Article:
Magazine article New Statesman (1996)

Exile on Downing Street

Magazine article New Statesman (1996)

Exile on Downing Street

Article excerpt

Thursday I am sitting in the office perusing the proposals for the youth section of the Dome exhibition (entitled "the next millennium of rock and roll"), when the phone rings. Rollo's voice is strangely nervous and excited. "Er, minister, you'll never guess who's on the line!' he stutters.

"How important, on a scale of ten?" I ask.

"Ten!" Rollo replies.

"The Master!" I say.

"No."

"Mr Brown!"

"No, I said ten," emphasises Rollo, impatiently. "Mr Brown is a high eight."

I'm not sure that the Chancellor would be pleased with that. I try non-politicians. "Mandela?"

"Bigger."

"Pope John Paul?"

"More famous."

"The Spice Girls?"

"Warmer," says Rollo.

Aha! It's someone from the pop world. Lennon's dead, George Michael is disgraced, so . . . "Not Mick?" I ask tentatively.

"Shall I put him through immediately? Or let you call him back once you've been briefed?"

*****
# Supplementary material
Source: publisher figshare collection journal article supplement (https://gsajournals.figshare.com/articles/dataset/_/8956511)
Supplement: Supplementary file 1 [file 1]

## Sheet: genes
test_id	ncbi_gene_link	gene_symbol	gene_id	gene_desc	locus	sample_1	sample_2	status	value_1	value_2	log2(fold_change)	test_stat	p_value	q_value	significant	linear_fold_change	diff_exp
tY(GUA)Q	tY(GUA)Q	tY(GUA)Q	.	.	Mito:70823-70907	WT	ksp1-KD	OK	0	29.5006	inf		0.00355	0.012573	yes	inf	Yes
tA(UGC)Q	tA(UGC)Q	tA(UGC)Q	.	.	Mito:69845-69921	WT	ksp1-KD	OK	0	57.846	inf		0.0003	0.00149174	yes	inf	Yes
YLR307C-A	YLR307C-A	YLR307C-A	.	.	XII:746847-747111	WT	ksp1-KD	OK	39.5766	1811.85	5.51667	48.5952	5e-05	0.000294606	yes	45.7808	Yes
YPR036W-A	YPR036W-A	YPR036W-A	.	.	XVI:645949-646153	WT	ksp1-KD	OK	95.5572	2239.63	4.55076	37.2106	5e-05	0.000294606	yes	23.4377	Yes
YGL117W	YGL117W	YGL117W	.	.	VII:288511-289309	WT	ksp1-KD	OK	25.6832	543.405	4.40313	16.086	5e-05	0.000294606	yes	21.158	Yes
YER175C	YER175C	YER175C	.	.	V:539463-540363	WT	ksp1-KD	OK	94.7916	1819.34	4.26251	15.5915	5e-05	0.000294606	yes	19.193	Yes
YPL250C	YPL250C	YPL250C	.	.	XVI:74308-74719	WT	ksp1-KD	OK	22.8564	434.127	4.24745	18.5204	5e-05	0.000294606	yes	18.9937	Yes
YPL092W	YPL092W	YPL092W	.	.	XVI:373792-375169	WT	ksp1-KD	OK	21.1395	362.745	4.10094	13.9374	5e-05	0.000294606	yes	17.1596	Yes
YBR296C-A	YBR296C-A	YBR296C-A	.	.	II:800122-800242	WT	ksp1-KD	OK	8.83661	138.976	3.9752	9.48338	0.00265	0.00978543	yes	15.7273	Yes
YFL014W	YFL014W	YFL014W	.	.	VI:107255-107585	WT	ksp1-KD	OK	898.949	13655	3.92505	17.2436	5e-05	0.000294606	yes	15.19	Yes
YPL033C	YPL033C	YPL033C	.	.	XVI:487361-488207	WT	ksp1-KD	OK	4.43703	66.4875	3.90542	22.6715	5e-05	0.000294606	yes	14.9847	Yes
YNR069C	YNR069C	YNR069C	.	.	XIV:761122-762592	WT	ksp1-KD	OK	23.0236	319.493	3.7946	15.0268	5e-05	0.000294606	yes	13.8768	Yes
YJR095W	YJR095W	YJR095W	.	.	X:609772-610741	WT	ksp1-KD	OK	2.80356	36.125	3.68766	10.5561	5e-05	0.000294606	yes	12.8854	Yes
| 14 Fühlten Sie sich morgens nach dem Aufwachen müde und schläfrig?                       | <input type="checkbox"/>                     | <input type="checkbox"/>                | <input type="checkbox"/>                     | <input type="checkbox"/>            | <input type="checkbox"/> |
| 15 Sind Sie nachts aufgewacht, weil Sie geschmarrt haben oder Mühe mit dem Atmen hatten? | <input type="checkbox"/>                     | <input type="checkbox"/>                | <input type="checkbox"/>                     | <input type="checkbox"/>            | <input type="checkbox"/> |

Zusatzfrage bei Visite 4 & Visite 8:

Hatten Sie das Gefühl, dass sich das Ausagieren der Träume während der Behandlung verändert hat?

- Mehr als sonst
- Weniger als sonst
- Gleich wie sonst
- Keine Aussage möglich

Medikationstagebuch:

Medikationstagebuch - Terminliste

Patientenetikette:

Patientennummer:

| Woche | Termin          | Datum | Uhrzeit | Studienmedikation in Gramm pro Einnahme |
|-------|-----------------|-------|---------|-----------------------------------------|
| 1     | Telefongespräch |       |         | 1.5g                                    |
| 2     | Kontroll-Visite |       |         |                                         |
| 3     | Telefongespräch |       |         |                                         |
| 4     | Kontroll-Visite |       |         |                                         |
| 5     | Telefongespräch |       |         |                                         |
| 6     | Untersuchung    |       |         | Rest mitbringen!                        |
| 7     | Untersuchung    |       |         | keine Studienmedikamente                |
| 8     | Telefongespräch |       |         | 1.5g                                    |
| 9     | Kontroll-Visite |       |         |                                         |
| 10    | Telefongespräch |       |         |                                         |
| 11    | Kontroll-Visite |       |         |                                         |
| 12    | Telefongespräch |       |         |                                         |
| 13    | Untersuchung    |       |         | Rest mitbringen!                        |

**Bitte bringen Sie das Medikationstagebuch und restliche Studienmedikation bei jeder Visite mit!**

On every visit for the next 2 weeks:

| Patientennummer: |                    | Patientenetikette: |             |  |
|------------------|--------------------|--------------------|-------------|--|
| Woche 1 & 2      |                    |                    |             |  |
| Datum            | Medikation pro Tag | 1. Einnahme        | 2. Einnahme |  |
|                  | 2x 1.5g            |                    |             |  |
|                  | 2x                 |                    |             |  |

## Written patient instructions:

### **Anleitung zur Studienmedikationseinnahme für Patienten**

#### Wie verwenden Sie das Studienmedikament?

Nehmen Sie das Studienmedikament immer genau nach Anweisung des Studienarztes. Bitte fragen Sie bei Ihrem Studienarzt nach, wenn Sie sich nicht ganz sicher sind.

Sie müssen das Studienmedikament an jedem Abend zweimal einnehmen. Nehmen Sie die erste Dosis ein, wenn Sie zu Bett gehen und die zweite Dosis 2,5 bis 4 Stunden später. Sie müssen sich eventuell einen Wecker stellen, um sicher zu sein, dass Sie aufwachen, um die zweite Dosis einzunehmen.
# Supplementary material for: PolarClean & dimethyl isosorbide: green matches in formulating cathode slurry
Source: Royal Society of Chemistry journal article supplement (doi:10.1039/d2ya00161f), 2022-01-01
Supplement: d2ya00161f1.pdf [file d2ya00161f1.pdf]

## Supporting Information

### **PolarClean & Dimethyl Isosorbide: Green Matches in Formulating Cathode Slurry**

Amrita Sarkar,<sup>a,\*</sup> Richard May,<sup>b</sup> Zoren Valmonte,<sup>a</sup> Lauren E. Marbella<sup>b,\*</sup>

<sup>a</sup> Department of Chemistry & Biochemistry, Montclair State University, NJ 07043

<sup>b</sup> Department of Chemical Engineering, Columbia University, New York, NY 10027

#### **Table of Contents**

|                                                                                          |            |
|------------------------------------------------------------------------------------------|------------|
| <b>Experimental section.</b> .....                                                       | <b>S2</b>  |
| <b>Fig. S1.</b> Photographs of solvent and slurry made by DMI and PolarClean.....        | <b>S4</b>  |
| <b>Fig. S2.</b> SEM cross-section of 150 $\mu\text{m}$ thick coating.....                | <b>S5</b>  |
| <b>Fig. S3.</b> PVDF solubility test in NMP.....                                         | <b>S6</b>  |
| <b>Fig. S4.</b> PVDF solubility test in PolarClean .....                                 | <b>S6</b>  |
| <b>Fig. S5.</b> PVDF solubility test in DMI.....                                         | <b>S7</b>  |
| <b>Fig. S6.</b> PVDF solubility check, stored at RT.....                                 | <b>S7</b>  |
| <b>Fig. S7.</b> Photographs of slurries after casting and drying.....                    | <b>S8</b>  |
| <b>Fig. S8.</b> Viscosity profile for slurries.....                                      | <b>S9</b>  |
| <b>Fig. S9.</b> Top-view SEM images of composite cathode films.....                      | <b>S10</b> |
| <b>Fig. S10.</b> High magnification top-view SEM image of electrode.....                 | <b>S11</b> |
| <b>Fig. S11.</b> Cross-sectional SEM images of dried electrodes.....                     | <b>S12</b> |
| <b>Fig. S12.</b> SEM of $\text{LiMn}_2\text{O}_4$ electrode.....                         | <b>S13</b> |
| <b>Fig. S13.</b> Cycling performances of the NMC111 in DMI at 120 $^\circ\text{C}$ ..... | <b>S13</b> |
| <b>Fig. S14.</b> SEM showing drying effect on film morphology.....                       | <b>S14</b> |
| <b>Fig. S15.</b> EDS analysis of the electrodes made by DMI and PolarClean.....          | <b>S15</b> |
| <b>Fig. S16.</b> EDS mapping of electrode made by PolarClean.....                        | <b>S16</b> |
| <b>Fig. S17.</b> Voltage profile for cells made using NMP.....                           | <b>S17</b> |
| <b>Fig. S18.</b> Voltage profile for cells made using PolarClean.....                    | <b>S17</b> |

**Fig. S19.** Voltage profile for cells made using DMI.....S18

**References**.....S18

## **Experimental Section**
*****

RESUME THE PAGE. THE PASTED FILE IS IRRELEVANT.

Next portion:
"I'm sure I can manage," I say tartly. "Put the man through." Friday A promise is a promise, so - after lunch - I phone Mr Brown's office and leave a message for the Chancellor, asking to speak to him about the issues raised yesterday by Mick. Within 20 minutes I am called back from the heart of the Treasury. Ominously it is Mr Brown's bruiser, Alfie J Pratt, on the line.

His speech has the thick quality of someone who has lunched well, probably with his bibulous mate (Mr Brown's biographer and, now, firebrand Mirror journalist Tony Tankard), and is not happy to be back at work.

"Lin'on," he stops glottally, "gorra message. Gawdon sez phone you back. Worrissit?"

I explain Mick's concerns about how the new changes in tax regulations will force the Stones to cancel their forthcoming tour of Britain. When I finish there is silence. Then, "Yeah. So?"

This exasperating response galls me. "Look," I tell Pratt, "shouldn't we be worried that we will appear to be returning to the bad old days when punitive taxation forced some of our brightest and best out of the country? …

Search by... Author
Show... All Results Primary Sources Peer-reviewed

Oops!

An unknown error has occurred. Please click the button below to reload the page. If the problem persists, please try again in a little while.